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Jon Talton

Analysis and commentary on economic news, trends and issues, with an emphasis on Seattle and the Northwest.

December 26, 2012 at 12:59 PM

The year in Seattle, part 1

If I did the year in reader feedback, my favorite would be the transcendent “Talton your an idiot.” Instead, over the next two days I’ll lay out my nominees for the most consequential stories of the past year. You can add your own in the comments section (I may steal some). We’ll vote on Friday.

1. Amazon came into its own as a game-changing technology giant, not least in Seattle with its urban campus in South Lake Union and plans for three towers in the Denny Triangle. Jeff Bezos isn’t a traditional Seattle steward (bad) but he’s choosing to cluster his best-paid, high-talent employees here and transforming the city in the process (very good).

2. The Port of Seattle lost about 20 percent of its container business when the Grand Alliance and Hamburg Sud lines chose the Port of Tacoma. Seattle did win a new contract with Hanjin. The competition is not healthy because Northwest ports are losing market share and facing a wider Panama Canal as well as rivalry from Prince Rupert. Beneath this is Pierce County’s less diverse, less competitive economy, which naturally causes Tacoma leaders to do whatever it takes to bolster their port. Up here, there’s a troubling complacency on the part of some leaders who are willing to let the seaport go away. That’s nuts but it’s out there.

3. Boeing seemed to be — cue cliched avgeek analogy — gaining altitude: The 787 was finally being delivered, the machinists made peace with Chicago and Renton gained the 737 MAX. But the Dreamliner is having new troubles. And January will be crunch time in the contentious negotiations between Boeing and the Society of Professional Engineering Employees in Aerospace, a group not known for its militance. Stay tuned.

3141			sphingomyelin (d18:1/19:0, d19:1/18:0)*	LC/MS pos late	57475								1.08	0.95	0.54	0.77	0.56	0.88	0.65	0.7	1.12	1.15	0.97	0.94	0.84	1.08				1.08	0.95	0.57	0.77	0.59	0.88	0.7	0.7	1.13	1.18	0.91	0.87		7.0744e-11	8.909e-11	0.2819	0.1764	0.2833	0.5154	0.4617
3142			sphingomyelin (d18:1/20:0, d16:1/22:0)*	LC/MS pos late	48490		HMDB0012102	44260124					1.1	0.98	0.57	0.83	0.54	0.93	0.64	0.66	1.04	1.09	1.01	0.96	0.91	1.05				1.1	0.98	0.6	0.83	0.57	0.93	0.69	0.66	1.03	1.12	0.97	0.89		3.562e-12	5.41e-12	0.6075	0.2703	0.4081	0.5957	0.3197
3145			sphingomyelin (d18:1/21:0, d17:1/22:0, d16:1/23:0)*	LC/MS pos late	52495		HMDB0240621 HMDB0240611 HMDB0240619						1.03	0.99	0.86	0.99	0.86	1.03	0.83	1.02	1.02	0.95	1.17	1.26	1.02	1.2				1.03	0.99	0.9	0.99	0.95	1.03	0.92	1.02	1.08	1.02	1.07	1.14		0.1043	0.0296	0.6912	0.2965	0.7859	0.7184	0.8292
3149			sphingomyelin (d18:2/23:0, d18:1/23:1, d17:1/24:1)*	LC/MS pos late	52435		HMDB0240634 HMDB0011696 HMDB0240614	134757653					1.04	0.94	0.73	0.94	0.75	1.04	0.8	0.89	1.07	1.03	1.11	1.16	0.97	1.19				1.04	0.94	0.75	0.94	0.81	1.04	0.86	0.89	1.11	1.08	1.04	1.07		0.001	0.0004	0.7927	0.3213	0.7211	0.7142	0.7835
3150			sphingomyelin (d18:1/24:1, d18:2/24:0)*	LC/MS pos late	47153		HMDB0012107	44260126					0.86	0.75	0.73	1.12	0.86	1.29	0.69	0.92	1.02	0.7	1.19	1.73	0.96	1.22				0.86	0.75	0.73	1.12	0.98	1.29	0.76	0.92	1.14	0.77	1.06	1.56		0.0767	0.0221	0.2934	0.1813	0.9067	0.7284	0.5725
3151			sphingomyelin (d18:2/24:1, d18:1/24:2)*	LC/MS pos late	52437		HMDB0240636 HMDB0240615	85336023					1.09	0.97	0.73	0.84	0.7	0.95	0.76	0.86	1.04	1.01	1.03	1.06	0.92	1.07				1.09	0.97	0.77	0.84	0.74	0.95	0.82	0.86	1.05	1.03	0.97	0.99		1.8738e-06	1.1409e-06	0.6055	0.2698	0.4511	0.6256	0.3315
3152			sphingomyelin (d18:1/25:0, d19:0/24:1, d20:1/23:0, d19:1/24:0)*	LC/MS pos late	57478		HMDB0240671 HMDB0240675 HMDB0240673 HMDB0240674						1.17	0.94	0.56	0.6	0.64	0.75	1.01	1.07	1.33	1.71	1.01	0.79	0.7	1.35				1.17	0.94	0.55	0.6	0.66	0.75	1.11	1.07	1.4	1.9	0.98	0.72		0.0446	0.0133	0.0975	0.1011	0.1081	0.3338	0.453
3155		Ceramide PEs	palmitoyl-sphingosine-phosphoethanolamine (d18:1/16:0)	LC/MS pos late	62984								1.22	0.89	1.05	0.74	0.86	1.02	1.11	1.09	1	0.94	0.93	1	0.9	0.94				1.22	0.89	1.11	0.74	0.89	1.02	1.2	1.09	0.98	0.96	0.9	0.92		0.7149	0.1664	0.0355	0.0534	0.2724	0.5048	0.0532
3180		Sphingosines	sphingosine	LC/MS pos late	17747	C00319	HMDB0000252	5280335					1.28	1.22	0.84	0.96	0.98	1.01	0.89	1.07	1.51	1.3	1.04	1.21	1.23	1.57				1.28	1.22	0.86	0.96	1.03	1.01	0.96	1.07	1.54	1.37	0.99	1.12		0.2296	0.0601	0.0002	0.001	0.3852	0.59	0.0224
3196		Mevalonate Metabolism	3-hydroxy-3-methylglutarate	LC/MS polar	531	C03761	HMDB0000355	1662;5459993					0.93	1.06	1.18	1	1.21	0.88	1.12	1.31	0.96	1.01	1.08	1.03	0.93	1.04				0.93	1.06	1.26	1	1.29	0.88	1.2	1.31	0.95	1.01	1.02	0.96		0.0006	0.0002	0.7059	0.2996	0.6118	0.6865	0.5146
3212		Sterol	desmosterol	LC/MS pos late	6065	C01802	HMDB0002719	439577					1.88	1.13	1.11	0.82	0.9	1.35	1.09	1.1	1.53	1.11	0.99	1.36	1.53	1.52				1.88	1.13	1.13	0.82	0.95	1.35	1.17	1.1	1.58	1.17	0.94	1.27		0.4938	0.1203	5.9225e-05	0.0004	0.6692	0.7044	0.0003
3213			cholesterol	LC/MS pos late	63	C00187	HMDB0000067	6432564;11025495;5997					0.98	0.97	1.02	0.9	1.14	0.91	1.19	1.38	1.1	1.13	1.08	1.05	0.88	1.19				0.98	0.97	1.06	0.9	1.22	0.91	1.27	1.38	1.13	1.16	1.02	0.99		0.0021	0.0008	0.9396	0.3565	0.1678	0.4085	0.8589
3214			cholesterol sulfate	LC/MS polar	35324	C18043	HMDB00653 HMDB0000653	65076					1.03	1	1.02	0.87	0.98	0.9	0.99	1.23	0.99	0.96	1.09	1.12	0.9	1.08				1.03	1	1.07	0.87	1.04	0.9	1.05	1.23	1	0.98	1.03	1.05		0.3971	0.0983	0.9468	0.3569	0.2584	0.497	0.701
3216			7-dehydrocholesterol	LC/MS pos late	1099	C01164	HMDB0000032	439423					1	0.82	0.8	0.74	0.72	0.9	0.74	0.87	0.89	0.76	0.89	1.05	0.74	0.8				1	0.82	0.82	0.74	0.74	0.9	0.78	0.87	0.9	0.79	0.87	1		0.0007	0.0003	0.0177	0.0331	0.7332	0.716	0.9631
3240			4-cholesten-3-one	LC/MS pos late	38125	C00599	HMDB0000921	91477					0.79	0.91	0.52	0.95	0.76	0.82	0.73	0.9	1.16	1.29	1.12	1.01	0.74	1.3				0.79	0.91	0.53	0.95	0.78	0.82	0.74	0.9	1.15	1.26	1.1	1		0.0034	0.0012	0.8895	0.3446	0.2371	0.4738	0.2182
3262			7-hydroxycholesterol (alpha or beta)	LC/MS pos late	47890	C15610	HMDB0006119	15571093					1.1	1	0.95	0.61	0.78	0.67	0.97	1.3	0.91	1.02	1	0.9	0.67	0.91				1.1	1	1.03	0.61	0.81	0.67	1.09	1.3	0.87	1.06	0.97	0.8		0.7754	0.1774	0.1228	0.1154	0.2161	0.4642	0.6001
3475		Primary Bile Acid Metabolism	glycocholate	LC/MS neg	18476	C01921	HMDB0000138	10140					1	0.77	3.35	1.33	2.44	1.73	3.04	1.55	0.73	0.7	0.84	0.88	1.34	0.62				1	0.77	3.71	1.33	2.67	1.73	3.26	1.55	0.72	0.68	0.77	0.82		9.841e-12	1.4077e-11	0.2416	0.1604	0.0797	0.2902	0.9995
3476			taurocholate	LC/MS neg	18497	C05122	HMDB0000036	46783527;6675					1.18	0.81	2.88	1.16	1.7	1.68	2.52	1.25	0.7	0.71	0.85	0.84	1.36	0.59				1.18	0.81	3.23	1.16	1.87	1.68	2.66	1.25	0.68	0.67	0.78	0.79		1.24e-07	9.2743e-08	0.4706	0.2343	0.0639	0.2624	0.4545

4. The two tracks of the economy and America’s continuing jobs crisis are on display in Washington state. Seattle has a flock of construction cranes and tech companies are hiring. Yet the state has one of the highest unemployment rates in the nation, measured by the broad U-6 yardstick of the Labor Department. Is it because people don’t want to leave for jobs elsewhere? Is it a sign of the stark inequality that creative-class cities can suffer? Or is this our future with companies finding they can make record profits with far fewer workers?

5. Microsoft revamped most of its major products, rolled out Windows 8 and its first tablet, the Surface. Still, earnings disappointed, the stock is going nowhere and the early Windows 8 metrics and reviews are mixed at best. Microsoft is a contradiction. It’s not General Motors. But it’s not competing well against Google and Apple. This was not an “epic year,” as CEO Steve Ballmer proclaimed. But it may be remembered as the company’s last shot before a reckoning arrives.

Today’s Econ Haiku:

The yen in freefall

Tokyo’s leadership cliff dive

But exports will rise

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The opinions expressed in reader comments are those of the author only, and do not reflect the opinions of The Seattle Times.


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